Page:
The inclusion of the non-motorized bridge increases the half mile walk shed surrounding the future light rail station by 72 acres. It also plays an important role in connecting future bike facilities including two shared use trails, the Interurban Trail and planned Trail Along the Rail, and a neighborhood greenway network.
Looking at the corridor from a bigger vantage point, it’s important to point out that the 130th Street light rail station could also open in 2024. Sound Transit is currently undertaking preliminary engineering to see if it will be possible to speed up final design and construction of the 130th station. A decision should be made by the end of 2019.
130th Street has already been described by cyclists who travel through the area as offering safer conditions and better connections than 145th Street. It has also been classified as an urban station, meaning it will not have to offer parking and access to the 130th station will be prioritized for pedestrians, cyclists, and transit users.
Opening the 130th and 145th Street light rail stations at the same time could offer a big win to light rail users. A coordinated opening would provide the opportunity to assess the area more holistically and take into consideration all of the opportunities and challenges that exist in this complicated corridor.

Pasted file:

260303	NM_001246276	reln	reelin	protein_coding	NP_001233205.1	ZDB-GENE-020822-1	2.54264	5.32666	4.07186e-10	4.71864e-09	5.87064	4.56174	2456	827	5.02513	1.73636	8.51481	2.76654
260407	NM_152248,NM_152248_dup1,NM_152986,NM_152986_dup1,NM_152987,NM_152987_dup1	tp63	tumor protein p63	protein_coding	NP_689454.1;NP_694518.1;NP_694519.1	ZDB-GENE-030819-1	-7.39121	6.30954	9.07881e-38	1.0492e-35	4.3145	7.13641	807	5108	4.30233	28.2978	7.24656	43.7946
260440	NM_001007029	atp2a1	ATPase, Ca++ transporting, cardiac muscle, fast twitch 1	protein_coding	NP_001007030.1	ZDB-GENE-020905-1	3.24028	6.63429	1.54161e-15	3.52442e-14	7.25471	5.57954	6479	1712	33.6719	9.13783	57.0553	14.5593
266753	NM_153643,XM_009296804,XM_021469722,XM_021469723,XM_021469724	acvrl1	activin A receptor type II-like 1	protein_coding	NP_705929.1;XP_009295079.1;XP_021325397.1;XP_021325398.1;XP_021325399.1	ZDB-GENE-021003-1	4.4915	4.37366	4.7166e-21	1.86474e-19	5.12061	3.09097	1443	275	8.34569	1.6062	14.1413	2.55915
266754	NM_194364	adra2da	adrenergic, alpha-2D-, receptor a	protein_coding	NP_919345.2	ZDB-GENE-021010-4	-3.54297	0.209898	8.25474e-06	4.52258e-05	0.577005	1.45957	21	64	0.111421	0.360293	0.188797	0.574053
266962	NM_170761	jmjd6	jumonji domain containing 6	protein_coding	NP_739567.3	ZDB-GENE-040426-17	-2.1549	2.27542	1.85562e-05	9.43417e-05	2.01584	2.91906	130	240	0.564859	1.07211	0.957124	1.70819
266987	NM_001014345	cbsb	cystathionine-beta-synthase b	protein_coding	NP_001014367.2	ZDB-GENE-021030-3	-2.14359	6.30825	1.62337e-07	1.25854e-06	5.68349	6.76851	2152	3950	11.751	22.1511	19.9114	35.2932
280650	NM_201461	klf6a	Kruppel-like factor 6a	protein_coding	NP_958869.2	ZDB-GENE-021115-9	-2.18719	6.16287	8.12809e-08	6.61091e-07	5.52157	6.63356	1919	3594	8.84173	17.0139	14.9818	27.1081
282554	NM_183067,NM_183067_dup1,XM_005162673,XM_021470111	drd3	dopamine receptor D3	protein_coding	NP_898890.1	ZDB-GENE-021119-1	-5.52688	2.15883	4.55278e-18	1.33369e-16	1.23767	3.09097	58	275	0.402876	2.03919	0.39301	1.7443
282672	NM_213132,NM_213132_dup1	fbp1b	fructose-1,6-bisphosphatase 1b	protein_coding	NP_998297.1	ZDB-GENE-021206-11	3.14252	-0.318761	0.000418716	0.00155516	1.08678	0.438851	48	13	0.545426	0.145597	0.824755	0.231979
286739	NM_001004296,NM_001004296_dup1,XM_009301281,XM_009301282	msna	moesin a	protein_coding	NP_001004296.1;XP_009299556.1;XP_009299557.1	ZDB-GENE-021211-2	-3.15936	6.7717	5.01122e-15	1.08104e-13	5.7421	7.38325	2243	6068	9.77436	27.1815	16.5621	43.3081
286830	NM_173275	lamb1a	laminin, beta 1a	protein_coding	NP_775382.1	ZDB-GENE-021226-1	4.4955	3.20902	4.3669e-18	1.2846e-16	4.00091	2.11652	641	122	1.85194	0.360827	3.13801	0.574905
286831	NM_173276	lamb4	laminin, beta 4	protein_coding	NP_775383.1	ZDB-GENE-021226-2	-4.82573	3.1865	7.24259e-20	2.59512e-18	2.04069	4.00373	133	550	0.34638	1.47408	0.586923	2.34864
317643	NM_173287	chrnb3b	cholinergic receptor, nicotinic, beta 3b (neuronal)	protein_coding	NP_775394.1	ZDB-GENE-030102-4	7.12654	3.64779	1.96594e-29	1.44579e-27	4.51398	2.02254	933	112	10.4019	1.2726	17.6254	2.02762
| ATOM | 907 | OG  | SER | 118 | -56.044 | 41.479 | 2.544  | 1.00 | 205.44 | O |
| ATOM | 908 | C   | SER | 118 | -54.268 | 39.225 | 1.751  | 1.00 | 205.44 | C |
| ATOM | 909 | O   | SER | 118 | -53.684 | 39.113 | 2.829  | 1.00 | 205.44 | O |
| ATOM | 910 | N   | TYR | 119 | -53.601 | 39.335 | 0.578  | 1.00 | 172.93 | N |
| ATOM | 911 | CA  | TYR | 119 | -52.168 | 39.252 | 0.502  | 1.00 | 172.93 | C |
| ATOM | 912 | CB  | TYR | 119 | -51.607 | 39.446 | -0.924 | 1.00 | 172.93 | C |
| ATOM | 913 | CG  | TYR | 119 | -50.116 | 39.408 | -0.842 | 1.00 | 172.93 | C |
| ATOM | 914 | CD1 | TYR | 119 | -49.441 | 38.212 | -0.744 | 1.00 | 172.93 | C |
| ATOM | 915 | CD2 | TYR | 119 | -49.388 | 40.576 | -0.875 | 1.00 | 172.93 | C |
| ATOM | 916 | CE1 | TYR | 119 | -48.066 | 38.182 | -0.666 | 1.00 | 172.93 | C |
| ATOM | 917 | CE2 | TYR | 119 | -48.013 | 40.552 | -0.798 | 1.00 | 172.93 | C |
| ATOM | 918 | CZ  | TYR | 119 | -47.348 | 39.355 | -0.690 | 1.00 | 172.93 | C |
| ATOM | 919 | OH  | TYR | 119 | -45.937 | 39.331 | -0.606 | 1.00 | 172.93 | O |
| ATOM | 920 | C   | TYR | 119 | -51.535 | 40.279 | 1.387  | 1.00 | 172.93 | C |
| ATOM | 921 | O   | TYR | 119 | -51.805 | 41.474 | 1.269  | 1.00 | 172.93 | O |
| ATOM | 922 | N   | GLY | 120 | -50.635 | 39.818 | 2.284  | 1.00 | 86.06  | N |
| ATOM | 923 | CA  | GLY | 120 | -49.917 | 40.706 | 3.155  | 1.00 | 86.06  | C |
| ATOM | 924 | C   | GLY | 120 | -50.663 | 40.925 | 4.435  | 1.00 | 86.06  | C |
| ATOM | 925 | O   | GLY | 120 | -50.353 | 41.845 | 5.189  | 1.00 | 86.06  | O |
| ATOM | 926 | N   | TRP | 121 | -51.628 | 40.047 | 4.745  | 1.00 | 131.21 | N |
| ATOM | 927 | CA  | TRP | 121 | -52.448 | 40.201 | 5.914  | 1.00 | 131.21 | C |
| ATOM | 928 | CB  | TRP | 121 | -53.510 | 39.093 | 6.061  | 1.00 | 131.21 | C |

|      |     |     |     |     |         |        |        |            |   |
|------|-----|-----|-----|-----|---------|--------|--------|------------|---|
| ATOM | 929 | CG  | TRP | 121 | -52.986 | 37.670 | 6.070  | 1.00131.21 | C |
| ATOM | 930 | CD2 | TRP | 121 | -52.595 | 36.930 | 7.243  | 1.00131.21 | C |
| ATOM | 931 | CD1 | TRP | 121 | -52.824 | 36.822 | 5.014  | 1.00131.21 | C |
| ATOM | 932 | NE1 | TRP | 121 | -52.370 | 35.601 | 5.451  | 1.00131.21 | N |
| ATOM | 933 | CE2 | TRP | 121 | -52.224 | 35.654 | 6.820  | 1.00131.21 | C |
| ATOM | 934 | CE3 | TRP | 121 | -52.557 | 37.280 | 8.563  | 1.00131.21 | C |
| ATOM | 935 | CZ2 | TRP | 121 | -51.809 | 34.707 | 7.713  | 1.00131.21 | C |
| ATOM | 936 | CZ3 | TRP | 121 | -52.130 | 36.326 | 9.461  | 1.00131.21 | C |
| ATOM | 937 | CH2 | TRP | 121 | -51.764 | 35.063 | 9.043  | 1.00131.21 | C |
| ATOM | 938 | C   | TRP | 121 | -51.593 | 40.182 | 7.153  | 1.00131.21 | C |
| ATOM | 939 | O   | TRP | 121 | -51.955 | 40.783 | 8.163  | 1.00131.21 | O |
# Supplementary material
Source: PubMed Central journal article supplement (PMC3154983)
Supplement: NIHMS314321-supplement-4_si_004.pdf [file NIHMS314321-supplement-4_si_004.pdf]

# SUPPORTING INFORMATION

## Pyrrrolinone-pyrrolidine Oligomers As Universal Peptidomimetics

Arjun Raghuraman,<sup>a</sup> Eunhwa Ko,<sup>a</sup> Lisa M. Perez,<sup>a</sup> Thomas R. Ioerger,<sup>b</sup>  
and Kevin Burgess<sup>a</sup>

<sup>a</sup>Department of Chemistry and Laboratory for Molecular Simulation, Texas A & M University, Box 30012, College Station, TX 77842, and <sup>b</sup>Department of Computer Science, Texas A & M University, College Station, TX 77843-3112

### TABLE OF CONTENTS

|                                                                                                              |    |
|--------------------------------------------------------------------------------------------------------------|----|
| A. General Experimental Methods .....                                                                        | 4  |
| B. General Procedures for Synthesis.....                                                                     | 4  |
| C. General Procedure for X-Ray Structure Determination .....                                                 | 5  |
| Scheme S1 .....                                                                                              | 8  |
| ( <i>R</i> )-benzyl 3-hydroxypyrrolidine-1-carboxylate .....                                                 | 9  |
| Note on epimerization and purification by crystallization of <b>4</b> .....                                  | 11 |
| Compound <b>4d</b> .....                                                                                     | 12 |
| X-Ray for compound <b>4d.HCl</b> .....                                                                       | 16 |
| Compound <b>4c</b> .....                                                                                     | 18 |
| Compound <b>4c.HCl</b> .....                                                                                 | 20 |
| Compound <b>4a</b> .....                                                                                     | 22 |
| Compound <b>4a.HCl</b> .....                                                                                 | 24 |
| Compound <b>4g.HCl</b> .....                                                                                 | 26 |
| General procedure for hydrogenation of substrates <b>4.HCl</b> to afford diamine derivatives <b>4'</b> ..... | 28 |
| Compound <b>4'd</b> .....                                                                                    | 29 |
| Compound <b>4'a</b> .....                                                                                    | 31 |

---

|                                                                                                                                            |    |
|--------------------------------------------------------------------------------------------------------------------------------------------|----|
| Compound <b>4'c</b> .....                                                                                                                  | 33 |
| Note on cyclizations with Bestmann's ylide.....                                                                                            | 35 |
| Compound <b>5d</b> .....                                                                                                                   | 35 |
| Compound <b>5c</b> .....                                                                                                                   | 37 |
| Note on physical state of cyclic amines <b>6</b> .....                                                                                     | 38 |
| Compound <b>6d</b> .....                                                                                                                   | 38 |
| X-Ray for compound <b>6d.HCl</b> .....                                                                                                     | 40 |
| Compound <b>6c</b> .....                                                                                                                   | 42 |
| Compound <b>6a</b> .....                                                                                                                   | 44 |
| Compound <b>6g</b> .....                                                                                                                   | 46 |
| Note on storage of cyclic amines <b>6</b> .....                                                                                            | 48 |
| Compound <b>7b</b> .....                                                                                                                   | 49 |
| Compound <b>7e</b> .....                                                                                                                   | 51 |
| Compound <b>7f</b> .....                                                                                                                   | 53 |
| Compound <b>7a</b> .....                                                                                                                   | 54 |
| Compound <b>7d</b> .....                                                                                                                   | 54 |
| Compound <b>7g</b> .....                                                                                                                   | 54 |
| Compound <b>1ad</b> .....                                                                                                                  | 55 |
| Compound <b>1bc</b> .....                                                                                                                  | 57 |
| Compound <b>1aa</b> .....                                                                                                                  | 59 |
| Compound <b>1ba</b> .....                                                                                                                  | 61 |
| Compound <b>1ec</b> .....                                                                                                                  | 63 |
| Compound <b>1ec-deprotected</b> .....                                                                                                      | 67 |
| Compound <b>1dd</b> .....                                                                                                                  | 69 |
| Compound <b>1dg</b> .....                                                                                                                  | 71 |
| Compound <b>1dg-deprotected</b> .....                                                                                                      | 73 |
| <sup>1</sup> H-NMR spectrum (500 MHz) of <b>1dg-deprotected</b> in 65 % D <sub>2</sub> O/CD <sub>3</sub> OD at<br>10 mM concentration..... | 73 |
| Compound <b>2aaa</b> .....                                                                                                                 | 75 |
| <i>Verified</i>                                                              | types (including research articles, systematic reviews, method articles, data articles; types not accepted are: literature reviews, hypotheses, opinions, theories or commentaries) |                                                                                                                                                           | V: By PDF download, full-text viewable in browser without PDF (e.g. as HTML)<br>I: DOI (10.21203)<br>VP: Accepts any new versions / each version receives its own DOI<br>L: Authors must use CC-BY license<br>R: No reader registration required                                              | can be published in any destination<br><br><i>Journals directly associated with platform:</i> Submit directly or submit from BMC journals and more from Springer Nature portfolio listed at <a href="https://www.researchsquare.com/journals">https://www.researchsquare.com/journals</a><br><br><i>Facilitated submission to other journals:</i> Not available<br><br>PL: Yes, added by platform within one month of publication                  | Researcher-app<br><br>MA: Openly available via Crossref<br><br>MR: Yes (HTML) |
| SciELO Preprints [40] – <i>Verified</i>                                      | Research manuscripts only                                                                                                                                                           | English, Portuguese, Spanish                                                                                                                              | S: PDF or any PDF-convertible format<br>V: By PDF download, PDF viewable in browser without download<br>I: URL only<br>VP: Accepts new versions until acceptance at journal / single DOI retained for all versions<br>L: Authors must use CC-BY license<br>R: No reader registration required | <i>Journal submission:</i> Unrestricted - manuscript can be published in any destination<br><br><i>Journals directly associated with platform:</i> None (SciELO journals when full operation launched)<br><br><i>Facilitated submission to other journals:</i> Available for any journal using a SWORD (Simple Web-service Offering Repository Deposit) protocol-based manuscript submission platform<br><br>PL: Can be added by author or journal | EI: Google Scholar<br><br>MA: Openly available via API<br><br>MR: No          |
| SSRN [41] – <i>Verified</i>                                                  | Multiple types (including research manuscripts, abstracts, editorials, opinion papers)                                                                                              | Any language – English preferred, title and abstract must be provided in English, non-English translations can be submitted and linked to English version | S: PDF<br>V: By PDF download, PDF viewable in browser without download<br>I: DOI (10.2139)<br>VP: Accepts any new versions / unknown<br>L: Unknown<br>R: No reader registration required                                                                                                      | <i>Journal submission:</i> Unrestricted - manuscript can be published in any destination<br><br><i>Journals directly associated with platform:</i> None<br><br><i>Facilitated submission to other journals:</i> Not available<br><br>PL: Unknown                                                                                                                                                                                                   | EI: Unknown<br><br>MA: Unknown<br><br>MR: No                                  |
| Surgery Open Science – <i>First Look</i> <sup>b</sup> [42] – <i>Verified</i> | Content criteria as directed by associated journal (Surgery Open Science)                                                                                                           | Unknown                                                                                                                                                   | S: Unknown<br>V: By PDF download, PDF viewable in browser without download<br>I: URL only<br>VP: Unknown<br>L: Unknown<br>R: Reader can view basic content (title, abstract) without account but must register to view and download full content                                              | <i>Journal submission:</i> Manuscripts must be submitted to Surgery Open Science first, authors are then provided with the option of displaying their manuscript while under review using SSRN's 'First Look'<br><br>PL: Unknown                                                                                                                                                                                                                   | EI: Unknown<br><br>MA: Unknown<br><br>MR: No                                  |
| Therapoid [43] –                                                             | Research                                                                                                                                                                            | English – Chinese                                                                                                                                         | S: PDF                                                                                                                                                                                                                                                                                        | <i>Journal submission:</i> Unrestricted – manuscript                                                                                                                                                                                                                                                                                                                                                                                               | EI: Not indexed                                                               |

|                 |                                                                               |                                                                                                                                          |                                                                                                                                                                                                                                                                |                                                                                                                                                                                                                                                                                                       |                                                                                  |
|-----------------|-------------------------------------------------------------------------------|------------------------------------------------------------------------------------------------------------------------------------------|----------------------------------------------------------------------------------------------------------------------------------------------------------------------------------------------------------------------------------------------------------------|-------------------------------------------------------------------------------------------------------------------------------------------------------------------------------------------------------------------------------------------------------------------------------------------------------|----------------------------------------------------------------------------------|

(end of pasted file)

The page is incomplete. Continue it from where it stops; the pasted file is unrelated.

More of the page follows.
SDOT has created an online survey that people can use to share their feedback on its plans for the 130th and 145th Street stations. The survey can be accessed on the project website.
Natalie Bicknell Argerious (she/her) is Managing Editor at The Urbanist. A passionate urban explorer since childhood, she loves learning how to make cities more inclusive, vibrant, and environmentally resilient. You can often find her wandering around Seattle's Central District and Capitol Hill with her dogs and cat. Email her at natalie [at] theurbanist [dot] org.